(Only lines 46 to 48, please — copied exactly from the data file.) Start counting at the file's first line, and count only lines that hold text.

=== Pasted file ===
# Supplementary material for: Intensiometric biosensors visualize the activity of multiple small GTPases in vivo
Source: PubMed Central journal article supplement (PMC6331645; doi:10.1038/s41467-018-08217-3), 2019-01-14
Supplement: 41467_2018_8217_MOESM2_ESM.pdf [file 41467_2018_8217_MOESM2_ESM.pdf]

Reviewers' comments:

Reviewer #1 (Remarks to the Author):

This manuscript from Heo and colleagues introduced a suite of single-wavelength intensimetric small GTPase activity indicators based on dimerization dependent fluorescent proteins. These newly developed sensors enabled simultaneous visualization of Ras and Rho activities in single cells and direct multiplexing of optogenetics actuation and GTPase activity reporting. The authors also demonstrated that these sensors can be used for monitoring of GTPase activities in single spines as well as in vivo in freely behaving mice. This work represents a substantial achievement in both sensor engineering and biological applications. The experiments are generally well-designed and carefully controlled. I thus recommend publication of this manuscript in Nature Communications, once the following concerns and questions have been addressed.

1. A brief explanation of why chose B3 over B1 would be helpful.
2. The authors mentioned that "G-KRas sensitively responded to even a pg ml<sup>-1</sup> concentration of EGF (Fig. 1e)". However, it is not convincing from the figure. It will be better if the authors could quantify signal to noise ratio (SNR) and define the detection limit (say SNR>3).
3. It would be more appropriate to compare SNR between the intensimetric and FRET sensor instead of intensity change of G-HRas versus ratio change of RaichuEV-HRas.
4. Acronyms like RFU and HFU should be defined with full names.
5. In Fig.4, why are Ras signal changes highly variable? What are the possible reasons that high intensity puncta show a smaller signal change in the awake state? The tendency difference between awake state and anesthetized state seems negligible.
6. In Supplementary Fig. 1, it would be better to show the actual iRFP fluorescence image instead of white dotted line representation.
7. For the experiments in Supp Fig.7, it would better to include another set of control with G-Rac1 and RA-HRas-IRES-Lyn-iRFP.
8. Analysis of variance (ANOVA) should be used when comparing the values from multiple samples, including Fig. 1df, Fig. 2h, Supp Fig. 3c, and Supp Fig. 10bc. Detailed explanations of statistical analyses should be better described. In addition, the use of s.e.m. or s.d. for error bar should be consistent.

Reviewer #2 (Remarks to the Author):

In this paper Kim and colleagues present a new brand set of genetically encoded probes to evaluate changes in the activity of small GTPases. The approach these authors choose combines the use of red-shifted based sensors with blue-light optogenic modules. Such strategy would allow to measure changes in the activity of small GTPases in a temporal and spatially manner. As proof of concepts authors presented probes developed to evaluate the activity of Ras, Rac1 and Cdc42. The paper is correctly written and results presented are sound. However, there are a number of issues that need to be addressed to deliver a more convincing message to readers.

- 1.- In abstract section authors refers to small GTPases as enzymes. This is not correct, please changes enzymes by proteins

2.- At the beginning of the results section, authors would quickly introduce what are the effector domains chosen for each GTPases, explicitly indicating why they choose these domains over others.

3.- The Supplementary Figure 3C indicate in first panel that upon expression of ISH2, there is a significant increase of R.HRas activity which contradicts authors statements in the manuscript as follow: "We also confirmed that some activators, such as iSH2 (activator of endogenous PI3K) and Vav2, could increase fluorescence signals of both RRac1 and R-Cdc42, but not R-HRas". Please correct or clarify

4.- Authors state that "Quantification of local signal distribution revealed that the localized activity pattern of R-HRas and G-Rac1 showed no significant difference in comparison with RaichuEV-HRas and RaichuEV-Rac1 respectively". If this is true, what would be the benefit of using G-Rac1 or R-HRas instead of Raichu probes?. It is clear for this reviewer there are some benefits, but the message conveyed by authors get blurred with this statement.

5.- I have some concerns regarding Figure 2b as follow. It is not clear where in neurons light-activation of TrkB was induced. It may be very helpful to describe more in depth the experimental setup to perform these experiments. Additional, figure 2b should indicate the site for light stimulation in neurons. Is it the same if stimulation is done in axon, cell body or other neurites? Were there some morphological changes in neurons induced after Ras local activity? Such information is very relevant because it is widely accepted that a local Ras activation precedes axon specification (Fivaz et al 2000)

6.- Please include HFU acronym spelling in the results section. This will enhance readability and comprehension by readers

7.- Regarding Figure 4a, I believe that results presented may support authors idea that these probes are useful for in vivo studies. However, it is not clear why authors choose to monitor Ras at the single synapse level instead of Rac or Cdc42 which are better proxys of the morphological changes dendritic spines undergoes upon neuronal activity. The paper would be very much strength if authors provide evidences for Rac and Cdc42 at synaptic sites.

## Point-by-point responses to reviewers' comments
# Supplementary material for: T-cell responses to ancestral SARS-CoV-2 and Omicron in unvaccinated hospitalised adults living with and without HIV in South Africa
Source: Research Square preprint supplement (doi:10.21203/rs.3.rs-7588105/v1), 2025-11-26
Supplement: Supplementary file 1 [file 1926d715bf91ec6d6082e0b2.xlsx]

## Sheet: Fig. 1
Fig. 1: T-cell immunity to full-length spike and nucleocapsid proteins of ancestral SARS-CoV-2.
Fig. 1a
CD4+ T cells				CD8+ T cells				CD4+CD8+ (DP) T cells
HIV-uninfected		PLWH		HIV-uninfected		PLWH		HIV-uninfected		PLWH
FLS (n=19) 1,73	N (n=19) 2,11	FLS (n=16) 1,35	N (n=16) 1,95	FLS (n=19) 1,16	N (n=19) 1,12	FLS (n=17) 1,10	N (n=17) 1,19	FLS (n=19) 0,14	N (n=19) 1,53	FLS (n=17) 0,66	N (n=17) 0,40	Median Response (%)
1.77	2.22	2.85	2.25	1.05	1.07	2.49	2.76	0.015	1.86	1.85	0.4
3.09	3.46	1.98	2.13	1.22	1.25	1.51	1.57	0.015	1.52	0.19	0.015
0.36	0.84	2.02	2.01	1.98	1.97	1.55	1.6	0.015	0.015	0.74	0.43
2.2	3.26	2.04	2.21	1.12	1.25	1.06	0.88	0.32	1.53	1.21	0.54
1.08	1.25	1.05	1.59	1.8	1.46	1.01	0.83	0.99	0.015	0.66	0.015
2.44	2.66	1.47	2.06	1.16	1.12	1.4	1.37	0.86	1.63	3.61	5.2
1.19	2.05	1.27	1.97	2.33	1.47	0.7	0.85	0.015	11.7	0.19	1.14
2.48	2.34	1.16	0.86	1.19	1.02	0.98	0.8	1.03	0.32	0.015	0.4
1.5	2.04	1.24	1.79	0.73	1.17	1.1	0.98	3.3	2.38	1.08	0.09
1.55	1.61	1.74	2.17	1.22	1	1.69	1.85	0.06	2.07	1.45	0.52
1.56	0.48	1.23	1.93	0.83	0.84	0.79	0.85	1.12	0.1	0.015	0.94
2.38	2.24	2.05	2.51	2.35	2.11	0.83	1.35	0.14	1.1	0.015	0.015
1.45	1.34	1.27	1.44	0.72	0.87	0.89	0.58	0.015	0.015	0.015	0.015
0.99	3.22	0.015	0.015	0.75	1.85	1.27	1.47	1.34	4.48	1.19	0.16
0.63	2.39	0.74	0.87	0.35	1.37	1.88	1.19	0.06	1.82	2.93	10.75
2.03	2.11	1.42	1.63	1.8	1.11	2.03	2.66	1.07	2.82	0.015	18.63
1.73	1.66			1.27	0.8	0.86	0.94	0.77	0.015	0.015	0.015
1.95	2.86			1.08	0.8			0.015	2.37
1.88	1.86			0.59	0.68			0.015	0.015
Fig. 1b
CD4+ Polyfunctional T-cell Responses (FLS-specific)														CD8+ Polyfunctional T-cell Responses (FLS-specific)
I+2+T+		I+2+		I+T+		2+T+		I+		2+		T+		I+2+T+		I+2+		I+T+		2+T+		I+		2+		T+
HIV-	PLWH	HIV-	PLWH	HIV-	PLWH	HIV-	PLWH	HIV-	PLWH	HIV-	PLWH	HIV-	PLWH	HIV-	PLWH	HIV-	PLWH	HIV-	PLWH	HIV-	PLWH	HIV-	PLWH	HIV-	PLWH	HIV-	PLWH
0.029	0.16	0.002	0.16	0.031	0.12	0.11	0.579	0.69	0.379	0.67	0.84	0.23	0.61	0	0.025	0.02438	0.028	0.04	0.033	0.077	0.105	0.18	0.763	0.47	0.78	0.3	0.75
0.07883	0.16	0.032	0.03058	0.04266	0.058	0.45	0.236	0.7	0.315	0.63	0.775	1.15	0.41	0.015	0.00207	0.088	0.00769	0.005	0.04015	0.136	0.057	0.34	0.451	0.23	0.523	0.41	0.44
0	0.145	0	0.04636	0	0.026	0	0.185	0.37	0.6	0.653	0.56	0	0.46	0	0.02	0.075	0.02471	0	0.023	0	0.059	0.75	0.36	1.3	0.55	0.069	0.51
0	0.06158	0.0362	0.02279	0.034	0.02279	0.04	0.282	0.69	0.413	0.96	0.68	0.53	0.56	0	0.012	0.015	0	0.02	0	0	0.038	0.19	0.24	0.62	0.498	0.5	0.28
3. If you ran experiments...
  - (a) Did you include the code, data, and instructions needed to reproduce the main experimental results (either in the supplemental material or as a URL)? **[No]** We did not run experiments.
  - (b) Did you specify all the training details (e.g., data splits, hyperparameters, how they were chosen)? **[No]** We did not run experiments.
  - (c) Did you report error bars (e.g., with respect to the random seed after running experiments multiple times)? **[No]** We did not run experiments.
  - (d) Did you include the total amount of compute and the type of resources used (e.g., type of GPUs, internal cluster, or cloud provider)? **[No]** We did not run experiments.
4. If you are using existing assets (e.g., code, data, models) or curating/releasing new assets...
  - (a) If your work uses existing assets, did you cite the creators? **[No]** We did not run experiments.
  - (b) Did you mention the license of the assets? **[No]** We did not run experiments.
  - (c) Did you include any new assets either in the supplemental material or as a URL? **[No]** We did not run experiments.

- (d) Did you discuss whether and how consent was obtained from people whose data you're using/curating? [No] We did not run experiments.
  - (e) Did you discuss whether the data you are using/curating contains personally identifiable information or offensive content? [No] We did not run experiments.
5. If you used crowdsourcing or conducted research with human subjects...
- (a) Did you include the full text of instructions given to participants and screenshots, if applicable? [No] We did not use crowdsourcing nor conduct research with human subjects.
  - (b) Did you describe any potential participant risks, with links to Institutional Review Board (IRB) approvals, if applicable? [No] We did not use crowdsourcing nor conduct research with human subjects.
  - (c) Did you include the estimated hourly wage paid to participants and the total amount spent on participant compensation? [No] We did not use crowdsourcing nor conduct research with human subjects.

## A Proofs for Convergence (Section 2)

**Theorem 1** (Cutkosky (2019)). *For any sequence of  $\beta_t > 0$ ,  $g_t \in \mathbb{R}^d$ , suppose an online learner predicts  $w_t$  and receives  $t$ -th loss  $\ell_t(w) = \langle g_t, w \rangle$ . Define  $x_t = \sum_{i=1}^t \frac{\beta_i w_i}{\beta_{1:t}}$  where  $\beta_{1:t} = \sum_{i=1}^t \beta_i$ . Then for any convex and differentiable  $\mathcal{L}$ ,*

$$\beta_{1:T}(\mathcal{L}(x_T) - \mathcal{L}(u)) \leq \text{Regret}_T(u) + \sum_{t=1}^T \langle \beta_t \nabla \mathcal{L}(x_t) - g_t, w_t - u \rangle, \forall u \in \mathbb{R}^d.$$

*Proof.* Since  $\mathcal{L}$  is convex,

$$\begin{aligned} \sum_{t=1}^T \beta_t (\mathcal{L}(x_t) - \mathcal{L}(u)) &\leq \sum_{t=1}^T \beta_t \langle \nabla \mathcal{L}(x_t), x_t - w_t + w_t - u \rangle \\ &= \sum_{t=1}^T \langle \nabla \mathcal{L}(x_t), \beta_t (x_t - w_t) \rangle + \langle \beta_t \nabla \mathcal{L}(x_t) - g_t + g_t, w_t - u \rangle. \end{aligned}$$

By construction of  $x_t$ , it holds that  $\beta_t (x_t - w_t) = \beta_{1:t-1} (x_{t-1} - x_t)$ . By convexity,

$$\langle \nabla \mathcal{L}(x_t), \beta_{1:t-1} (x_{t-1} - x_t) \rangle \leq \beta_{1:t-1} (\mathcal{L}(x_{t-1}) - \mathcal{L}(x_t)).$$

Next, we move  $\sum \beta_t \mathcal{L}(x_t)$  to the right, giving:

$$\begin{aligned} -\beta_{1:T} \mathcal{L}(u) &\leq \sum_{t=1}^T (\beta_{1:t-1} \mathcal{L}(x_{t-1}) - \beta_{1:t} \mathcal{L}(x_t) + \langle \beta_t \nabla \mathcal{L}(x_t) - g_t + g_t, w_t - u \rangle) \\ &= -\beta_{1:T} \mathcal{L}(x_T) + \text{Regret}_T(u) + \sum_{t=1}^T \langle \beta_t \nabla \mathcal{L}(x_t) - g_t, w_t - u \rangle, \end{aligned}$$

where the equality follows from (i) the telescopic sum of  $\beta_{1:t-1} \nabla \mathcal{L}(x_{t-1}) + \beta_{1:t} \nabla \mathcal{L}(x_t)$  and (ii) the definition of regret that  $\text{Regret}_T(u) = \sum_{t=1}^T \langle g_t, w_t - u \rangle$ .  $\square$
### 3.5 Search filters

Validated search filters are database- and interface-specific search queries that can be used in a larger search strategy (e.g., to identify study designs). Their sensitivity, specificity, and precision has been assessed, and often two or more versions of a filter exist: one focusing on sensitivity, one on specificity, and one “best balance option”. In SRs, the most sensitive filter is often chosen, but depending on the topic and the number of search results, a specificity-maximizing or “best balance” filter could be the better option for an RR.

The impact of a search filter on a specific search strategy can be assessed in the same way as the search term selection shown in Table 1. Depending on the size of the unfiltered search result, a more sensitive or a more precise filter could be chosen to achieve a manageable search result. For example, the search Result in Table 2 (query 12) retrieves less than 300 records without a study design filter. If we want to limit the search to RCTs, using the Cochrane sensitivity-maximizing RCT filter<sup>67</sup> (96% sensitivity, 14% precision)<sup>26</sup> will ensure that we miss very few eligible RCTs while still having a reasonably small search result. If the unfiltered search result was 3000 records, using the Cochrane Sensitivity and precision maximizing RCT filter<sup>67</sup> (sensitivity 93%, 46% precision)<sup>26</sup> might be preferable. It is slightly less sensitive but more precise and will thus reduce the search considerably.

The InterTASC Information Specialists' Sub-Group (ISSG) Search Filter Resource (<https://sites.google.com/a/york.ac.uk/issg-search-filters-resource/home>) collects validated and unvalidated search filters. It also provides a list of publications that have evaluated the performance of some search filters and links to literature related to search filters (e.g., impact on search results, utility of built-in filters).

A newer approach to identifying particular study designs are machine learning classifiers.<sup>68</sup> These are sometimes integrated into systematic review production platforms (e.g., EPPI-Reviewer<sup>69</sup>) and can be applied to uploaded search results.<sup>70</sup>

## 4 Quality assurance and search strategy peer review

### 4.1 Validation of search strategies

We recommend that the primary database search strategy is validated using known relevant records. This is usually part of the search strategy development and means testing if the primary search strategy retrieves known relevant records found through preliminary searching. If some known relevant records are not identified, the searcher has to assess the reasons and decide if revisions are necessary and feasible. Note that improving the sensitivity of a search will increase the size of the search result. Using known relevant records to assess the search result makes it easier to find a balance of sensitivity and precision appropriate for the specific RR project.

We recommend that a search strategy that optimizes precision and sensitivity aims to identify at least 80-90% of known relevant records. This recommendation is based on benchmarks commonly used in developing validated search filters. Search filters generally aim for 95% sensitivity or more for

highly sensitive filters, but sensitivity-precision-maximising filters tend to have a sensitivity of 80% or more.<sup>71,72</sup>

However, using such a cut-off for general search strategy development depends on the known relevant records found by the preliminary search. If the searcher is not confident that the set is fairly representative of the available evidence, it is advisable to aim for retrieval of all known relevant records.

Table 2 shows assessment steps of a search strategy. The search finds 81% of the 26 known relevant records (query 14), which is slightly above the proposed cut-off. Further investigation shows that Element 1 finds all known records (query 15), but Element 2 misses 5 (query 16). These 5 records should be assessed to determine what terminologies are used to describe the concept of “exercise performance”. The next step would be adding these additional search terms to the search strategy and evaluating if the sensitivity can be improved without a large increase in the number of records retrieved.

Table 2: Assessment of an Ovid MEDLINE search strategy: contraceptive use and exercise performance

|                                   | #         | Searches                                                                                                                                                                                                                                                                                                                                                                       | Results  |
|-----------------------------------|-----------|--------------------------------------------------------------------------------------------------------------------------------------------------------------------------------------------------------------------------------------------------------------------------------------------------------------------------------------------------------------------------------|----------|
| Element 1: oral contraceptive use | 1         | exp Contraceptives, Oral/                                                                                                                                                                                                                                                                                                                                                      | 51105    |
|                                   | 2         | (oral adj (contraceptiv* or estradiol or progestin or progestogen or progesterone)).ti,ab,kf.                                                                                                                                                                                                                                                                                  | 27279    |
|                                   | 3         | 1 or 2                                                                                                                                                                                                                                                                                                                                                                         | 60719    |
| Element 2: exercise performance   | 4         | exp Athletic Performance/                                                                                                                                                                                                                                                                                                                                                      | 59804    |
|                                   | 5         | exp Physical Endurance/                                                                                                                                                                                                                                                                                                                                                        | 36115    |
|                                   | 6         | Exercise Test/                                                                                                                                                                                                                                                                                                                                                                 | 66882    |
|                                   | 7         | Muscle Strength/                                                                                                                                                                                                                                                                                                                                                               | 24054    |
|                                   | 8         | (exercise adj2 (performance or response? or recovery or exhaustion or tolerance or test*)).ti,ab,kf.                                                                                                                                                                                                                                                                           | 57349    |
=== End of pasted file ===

1.45	1.34	1.27	1.44	0.72	0.87	0.89	0.58	0.015	0.015	0.015	0.015
0.99	3.22	0.015	0.015	0.75	1.85	1.27	1.47	1.34	4.48	1.19	0.16
0.63	2.39	0.74	0.87	0.35	1.37	1.88	1.19	0.06	1.82	2.93	10.75